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Things look different when you’re sick.

March 11, 2013

Or perhaps it’s better to say the world takes on a different appearance when one is convalescing from illness compared with when one is hale and hearty and striding about.

Good fortune had me catch a powerful cold only after we got a new couch at home. From this comfortable new vantage point, in a slightly altered consciousness, I was able to notice where a window had been covered over in the far wall many years ago.

And behind the couch is the outline of what was probably an opening for French doors into the next room. I noted the exact time that snow began to stick on Saturday afternoon (3:10 p.m.). I detected yet another characteristic sound in the heating system. The artwork on our walls looked different as the days passed.

“Well,” you say. “You’re just sitting there. How could you not notice things?”

Exactly my point. There may be more to one’s state of mind when ill than just quietude, but generally we see differently from a place of quiet. For this reason, I prefer quiet museums and galleries.

On a recent visit to Denver, I returned to the Clyfford Still Museum, which has wonderful galleries for looking at paintings. It’s an excellently designed museum, but it feels a bit like a mausoleum because apparently it will only ever show Clyfford Still’s work.

Still was adamant that an artist’s work should not be displayed beside that of other artist’s. If only the Still Museum could use its space to do just that for other artists, as well, but I don’t think the terms of the bequest allow it. Too bad.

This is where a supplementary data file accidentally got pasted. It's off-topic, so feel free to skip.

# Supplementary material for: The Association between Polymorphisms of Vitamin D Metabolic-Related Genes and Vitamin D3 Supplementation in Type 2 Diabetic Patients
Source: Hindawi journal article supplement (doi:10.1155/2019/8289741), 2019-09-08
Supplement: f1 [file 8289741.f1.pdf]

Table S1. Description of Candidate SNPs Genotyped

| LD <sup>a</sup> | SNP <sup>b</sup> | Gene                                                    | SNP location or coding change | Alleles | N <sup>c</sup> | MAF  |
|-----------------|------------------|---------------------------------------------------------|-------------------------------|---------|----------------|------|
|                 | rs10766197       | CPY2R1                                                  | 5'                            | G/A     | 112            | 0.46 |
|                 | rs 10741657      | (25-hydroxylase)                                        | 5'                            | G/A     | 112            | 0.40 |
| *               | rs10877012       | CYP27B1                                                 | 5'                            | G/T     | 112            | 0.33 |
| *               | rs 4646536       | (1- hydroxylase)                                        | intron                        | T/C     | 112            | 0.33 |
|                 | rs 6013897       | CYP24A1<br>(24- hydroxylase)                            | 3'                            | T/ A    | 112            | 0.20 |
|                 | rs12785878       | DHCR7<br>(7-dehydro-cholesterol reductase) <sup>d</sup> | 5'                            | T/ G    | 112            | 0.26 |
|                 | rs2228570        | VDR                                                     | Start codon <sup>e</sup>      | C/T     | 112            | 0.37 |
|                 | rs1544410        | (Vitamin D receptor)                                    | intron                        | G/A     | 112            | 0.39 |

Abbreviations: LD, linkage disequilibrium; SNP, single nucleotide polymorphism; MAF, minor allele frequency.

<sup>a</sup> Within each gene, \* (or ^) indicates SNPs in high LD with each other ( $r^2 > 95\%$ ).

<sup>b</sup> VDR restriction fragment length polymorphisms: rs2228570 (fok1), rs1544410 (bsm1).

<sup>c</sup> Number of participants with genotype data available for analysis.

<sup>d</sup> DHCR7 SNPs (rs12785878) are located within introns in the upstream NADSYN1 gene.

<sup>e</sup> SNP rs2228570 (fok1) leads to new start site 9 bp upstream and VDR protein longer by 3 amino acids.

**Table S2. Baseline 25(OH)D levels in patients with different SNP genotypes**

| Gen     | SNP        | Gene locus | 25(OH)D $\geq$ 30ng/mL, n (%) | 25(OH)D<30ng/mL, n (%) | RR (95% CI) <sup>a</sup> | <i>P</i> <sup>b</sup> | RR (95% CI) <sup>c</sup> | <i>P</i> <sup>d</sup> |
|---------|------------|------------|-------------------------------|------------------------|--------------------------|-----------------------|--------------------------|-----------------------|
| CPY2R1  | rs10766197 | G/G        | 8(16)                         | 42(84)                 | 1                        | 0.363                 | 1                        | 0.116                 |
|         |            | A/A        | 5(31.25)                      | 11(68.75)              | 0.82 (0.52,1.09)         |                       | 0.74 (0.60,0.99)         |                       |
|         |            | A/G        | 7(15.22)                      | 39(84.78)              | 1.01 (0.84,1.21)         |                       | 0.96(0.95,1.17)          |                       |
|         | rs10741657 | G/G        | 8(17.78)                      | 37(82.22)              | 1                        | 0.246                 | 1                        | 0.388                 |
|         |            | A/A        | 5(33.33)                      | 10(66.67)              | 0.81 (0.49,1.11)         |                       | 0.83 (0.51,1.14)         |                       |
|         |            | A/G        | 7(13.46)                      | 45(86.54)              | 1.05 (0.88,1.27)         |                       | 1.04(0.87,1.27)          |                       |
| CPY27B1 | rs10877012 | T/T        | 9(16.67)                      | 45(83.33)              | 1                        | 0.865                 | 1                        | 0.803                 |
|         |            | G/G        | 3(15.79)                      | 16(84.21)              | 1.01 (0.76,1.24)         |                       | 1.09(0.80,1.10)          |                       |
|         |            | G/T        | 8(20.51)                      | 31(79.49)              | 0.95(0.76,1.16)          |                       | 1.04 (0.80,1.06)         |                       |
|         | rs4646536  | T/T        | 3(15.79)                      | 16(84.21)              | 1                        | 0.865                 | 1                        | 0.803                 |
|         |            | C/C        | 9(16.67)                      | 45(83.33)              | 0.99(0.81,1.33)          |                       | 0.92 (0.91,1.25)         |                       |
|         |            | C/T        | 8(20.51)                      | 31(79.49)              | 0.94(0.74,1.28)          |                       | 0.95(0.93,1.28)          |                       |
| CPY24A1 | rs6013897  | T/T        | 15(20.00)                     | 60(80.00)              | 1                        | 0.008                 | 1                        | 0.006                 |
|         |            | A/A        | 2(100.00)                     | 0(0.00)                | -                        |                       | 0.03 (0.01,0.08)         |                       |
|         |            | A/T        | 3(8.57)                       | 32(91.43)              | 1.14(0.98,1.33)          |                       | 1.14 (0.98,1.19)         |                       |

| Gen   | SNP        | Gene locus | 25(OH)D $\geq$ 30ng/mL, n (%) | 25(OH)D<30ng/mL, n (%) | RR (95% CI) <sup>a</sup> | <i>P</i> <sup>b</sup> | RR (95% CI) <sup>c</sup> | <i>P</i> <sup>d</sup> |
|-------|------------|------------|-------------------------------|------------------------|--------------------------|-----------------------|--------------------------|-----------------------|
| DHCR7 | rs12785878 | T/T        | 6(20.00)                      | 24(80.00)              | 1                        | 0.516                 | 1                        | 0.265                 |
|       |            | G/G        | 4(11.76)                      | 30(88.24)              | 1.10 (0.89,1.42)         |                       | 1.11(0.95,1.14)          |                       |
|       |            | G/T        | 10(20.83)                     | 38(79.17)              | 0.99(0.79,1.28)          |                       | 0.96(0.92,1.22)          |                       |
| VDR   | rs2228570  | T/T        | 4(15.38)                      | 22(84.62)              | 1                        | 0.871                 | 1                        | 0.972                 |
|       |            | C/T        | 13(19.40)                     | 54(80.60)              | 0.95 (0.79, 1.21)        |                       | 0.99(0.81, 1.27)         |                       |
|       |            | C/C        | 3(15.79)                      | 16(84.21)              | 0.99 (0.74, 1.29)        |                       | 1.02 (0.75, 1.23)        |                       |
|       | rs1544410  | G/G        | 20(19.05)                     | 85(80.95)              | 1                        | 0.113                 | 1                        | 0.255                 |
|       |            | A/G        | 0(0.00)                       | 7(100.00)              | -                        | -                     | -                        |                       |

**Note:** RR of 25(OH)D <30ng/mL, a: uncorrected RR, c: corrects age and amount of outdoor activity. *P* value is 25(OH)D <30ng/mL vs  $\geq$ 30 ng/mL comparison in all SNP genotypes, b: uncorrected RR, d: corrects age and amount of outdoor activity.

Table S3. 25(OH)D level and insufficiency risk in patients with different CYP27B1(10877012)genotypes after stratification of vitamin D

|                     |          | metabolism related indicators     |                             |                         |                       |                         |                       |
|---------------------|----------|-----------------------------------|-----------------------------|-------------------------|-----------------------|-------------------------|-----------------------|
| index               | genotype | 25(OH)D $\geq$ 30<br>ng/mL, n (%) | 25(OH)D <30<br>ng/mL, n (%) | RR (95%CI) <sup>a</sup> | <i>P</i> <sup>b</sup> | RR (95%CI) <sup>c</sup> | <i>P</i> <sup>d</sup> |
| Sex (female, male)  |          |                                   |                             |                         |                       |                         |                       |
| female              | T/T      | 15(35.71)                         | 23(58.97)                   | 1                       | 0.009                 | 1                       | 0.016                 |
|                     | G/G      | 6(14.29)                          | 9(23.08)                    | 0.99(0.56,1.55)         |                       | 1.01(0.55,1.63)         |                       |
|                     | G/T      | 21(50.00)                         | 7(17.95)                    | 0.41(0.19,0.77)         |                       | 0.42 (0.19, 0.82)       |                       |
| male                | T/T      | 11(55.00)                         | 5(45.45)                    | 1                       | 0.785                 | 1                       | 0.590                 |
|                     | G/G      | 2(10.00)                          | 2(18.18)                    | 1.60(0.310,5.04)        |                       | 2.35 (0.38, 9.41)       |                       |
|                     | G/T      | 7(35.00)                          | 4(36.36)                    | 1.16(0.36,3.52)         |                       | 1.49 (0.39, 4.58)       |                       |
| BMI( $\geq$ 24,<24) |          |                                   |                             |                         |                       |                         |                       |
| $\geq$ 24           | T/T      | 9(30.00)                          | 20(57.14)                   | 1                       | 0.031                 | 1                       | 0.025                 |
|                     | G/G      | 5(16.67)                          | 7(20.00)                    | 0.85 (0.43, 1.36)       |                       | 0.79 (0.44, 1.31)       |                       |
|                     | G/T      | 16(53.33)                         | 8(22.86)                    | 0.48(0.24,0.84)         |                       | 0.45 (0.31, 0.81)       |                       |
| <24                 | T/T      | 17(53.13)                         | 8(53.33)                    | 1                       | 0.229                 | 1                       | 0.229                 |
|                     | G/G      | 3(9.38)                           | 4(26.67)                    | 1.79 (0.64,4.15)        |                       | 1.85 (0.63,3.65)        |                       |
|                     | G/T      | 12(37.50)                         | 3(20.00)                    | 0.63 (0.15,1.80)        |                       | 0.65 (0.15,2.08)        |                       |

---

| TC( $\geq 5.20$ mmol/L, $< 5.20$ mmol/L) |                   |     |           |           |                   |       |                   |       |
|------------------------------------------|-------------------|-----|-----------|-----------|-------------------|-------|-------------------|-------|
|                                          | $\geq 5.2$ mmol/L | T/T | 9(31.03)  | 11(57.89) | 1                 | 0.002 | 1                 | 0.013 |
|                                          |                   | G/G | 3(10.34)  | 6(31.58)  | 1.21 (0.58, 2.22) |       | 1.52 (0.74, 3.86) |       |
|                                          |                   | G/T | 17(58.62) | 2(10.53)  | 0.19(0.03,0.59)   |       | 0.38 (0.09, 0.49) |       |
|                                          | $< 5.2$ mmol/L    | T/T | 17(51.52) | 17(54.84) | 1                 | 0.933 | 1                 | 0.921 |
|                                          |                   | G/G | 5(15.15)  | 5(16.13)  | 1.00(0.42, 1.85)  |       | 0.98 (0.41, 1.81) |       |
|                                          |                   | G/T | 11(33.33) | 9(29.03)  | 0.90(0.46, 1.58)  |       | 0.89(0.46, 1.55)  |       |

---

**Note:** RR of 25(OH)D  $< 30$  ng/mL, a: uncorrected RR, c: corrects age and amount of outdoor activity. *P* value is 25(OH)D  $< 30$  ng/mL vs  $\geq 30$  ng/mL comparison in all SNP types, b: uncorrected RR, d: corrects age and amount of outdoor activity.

After that, I went to the Arvada Center for Arts and Humanities to see “The Art of the State” show, with many artists’ work displayed side by side. Among the first few pieces to really catch my attention were works by Bea and Mel Strawn. Well, of course, I said to myself.

The show has many forms of art, and many beautiful objects, but two-dimensional work and in particular paintings are most appealing to me. I made a list of Colorado artists to look up.

Until you make it to Arvada, you can see some fine two-dimensional artwork at the library. In Conrad Nelson’s show, she has “returned to mixed media work which is biographical in nature and concomitantly tells a story.”

“The contents for the work include old photographs, text, stamps, past art work, and other images and materials.”

The works in the “Cultural Synthesis” series are made of images, text, and ephemera from different cultures. The stuff of these collages are fascinating, but one must be careful not to get lost only in the fragments. Step back and see the entire composition.

Such works invite microscopic investigation. Sometimes the text is text with content important to the work. Other times, it may provide texture, pattern, color, or value, or as is probably the case, all of that at once.

One can look at the work with some nostalgia for travel, maybe travel a hundred years ago, and examine the details up close, but some look like little paintings from afar. Of course, some paintings look like collages, but let’s just stop there.

While looking at the show, coughing in the empty library after hours, I spotted in one collage a piece of text from an old book that said “… he was seized with a spasmodick asthma

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